Far from being the sweet, romantic song the tune suggests, the song is about a man on the verge of murdering his family.
There are a number of similarities with Summer Days suggesting that the songs share the same narrator. Like that song Bye and Bye concerns the narrator’s unsuccessful relationship, and the theme of repeating the past. We again have his memories of different stages of the relationship – here beginning with his initial interest in the woman before going on to recount his disillusionment, jealousy and eventual madness. As time moves on, we see the narrator has become increasingly unhappy. His initial romantic intoxication, characterised by the exuberant energy of ‘paintin’ the town’ and freely ‘swingin’ my partner around’, gives way to a constrained ‘scufflin’’ and shufflin’’ and the pain implied by ‘walkin’ on briars’. Eventually movement all but ceases – he’s ‘rollin’ slow’, and his destination is death.
Something goes wrong in the relationship. The precise extent to which each person is responsible is unclear, but it transpires that the narrator is unfaithful and that, in his eyes, the woman is too.
Along the way it’s implied that he and the woman get married and have a child. The extra detail of the child, not present in Summer Days, makes the decision to kill all the more horrifying.
A number of things are significant about the title and its recurrence in the first and fourth lines of the song.
First, the expression is normally spelt ‘by and by’, and it’s used in connection with something expected to happen at some vague point in the future. The ‘e’ on the end of ‘bye’, as it’s spelt here, reminds us of ‘’bye’, the abbreviation of goodbye, and accordingly it’s pertinent in a dark way to the narrator’s intentions. He’s planning a goodbye to his wife and child, and perhaps his own goodbye to the world.
The phrase is additionally relevant in its normal sense, though. The song looks back on the past and forward to the future from the narrator’s standpoint in the present. The phrase’s occurrence at the beginning of the first and fourth lines shows the narrator not only remembering the past, but having gone back in memory to a time preceding the events he’s recalling – a time from which his earlier self can anticipate those things which (from the standpoint of the present) have already happened.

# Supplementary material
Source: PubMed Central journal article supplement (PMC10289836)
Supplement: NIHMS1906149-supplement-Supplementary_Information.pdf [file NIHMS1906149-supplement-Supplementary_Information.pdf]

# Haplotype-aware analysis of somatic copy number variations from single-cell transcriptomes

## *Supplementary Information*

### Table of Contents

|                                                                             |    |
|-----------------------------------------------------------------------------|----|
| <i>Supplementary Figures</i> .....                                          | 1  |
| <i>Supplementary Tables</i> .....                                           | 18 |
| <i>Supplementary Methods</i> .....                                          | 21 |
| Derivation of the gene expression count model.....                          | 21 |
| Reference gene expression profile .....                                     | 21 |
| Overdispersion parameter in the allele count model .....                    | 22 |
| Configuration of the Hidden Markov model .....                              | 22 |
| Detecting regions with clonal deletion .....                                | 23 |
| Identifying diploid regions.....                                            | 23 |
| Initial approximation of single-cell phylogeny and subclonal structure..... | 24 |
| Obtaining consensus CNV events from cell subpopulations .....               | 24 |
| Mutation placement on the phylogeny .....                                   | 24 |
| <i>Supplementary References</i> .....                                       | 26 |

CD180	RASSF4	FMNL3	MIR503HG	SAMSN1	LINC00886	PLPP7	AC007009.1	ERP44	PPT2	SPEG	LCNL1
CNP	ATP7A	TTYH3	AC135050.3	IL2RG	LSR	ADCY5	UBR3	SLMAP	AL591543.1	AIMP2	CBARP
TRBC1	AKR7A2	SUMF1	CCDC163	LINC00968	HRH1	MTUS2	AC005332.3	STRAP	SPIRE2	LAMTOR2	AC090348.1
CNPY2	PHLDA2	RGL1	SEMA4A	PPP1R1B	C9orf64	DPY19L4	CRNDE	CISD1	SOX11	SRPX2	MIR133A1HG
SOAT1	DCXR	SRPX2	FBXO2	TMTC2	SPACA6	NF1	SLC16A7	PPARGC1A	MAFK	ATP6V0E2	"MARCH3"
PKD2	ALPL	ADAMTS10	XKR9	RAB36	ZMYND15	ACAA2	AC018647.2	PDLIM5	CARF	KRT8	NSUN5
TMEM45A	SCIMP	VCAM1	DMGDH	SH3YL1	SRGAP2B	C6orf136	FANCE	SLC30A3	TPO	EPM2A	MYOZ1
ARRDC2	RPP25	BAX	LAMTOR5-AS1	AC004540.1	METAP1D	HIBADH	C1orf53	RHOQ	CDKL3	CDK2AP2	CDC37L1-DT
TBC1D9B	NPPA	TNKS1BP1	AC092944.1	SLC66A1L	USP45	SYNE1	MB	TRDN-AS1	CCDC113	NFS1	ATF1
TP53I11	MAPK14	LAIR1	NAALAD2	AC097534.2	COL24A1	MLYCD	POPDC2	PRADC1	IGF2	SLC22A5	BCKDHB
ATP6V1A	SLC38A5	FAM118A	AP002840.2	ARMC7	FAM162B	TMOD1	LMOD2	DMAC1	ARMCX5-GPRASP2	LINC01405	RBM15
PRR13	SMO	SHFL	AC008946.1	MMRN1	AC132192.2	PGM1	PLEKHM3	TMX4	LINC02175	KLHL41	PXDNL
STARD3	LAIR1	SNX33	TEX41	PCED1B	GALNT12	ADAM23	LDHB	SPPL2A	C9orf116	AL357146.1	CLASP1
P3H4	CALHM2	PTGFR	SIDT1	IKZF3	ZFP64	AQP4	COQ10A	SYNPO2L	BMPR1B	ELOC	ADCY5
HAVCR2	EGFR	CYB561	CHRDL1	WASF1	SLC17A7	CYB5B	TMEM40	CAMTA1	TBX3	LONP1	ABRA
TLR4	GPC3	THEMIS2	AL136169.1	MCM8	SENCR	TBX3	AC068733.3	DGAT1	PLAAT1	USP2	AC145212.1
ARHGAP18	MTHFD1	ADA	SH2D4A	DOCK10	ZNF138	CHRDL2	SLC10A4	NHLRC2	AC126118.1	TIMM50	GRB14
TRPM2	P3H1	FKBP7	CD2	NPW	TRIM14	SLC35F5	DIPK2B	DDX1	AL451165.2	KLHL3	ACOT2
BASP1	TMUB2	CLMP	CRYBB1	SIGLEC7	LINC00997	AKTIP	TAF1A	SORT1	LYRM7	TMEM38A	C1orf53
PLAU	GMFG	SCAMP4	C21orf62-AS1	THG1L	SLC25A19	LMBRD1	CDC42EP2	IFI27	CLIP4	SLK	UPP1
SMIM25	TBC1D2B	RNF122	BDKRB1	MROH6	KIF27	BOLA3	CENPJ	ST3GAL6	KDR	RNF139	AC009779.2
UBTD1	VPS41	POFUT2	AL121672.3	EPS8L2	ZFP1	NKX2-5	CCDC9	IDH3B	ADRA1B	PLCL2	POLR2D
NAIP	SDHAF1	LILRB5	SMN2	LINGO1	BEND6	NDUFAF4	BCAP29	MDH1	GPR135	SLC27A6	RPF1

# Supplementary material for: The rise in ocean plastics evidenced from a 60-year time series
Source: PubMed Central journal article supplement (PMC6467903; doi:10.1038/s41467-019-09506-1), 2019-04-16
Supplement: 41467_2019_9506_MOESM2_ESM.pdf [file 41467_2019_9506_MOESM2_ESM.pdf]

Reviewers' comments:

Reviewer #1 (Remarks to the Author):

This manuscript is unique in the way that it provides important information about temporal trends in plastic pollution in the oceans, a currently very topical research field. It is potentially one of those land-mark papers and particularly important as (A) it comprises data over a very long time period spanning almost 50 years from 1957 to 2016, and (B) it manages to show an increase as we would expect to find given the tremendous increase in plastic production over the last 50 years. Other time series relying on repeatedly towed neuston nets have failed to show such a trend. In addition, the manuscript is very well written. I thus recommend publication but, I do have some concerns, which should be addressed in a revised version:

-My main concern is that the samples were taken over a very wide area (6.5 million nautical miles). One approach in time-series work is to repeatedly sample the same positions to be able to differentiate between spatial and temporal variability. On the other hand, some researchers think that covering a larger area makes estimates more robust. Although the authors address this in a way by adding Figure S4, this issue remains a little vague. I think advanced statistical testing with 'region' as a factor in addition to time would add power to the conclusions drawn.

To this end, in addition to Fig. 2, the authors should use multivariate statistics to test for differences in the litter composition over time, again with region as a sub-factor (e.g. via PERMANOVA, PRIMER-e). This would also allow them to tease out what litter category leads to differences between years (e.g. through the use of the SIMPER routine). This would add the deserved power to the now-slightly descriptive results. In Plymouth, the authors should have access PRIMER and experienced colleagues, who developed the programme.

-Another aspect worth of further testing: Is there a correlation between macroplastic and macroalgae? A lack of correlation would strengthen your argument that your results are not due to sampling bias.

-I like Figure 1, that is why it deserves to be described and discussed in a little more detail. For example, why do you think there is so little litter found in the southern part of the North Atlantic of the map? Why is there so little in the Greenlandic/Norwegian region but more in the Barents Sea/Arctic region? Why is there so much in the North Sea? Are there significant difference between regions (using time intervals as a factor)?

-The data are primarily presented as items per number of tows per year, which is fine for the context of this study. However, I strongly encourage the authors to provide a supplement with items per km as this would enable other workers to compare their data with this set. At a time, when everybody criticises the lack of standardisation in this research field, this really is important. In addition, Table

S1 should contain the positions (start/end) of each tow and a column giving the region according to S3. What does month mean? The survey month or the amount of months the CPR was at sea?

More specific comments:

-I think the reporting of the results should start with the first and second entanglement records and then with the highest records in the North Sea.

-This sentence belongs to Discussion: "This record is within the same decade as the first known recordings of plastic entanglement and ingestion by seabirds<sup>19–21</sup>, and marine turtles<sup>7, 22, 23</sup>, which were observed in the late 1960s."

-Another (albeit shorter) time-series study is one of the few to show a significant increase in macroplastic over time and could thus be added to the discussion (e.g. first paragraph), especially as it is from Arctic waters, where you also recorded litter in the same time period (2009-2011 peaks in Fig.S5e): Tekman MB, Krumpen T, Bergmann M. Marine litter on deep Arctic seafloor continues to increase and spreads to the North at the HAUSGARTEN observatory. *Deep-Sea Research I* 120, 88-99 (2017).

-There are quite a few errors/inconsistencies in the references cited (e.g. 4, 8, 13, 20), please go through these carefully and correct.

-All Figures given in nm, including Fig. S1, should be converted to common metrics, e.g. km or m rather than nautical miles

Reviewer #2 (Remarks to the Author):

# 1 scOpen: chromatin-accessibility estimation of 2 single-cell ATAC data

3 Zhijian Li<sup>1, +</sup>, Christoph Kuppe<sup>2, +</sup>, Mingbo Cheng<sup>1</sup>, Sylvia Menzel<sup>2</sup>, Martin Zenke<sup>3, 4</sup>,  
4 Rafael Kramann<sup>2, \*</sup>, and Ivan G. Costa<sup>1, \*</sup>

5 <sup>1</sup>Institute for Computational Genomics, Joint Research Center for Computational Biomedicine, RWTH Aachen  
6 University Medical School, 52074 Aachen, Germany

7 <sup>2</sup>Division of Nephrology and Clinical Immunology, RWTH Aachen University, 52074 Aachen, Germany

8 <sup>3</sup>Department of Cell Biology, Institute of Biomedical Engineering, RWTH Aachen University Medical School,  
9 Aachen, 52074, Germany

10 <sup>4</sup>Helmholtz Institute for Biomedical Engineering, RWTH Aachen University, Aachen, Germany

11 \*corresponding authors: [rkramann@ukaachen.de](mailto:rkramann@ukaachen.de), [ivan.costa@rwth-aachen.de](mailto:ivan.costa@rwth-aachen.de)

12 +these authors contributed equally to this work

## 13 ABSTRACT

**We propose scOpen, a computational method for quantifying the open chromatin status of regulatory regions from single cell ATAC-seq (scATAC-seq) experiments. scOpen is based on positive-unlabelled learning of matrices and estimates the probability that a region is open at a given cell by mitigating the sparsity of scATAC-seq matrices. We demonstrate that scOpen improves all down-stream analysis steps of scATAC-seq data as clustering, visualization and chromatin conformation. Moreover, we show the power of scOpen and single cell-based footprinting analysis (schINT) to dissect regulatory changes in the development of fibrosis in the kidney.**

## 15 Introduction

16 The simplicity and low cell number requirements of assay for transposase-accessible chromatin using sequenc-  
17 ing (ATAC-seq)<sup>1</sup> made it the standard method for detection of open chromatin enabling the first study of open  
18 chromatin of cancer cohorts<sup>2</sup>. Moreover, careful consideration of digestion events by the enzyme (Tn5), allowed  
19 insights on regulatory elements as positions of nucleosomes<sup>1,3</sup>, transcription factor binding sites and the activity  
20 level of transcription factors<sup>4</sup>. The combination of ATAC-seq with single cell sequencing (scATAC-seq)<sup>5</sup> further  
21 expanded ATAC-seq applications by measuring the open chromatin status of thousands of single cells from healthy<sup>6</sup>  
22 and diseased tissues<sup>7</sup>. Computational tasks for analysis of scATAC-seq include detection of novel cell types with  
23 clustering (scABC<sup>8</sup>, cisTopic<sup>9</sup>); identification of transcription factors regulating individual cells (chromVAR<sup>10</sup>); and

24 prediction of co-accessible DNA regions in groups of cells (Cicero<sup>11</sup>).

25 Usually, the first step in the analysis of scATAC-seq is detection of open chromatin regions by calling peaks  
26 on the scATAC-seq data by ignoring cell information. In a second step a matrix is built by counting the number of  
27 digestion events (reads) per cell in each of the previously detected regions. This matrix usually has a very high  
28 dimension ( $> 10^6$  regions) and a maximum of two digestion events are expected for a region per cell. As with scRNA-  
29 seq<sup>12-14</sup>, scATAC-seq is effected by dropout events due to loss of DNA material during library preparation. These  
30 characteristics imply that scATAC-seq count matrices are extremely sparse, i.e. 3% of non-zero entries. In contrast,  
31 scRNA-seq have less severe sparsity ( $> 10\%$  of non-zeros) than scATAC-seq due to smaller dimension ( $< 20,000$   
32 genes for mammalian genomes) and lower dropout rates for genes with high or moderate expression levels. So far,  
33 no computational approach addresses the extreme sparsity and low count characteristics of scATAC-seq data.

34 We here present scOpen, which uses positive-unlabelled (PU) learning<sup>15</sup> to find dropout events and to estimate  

It might seem at first as if the narrator is presenting the memories in reverse order:
‘Bye and bye, I’m breathin’ a lover’s sigh’
‘Bye and bye, on you I’m casting my eye’
The reason is that one would expect the hopeless infatuation represented by the lover’s sigh to occur after the narrator’s first casting his eye on the woman. However, the majority of the song is presented in chronological order, and so one might expect the same to be true of these two lines. If so, that would tell us something about the narrator. It would suggest that the lover’s sigh is false. The sigh is perhaps no more than an indication of wishful thinking as the romantically inclined narrator imagines a situation which at best will exist at some undefined time – ‘by and by’. If so, this would make his position even more ludicrous than that of a medieval courtly lover who would at least have had a particular woman in mind. Such a lack of realism might help explain the failure of the subsequent relationship.
Just as he looks back beyond the past events he’s focusing on, the narrator also propels himself into the future, and then even further to a standpoint from which he can look back on that future:
‘… the future for me is already a thing of the past’.
One thing he means is that there’s no chance of his having the future he’d once envisaged with the woman. But the language he uses to say this seems to make him unduly pessimistic in having him commit himself to a pre-determined future. By confusing the future with the past, so that both are treated as settled, he denies himself any chance of future success.
Not only is it absurd that the narrator is capable of imagining a future where there isn’t one while treating the real future as non-existent – ‘a thing of the past’, but his outlook is inconsistent. This is because in the final verse he goes on to consider what he’s in fact going to do in the future. Planning the murder his family requires him to be treating the future as in his control.
The narrator becomes desperate. It’s a desperate optimism which causes him to say in verse four:
‘I’m tellin’ myself I found true happiness
That I’ve still got a dream that hasn’t been repossessed’.
This too might be inconsistent in that the optimism clashes with the pessimism which is about to drive him to seeing the future as ‘a thing of the past’.
That the optimism is desperate is shown by the lines being full of uncertainty. The phrase ‘I’m tellin’ myself’ suggests that at the time he has in mind he has no belief in what he’s saying. Why otherwise would he need to ‘tell himself’? Furthermore, saying ‘‘I found’ true happiness, rather than ‘I have found’, makes it clear that the narrator considers, even at the time he’s recalling, any happiness to have gone. And even though the ‘I’ve’ of ‘I’ve got a dream’ suggests he was still clinging on to hope, he’s implicitly admitting that what he had was nothing more than a dream.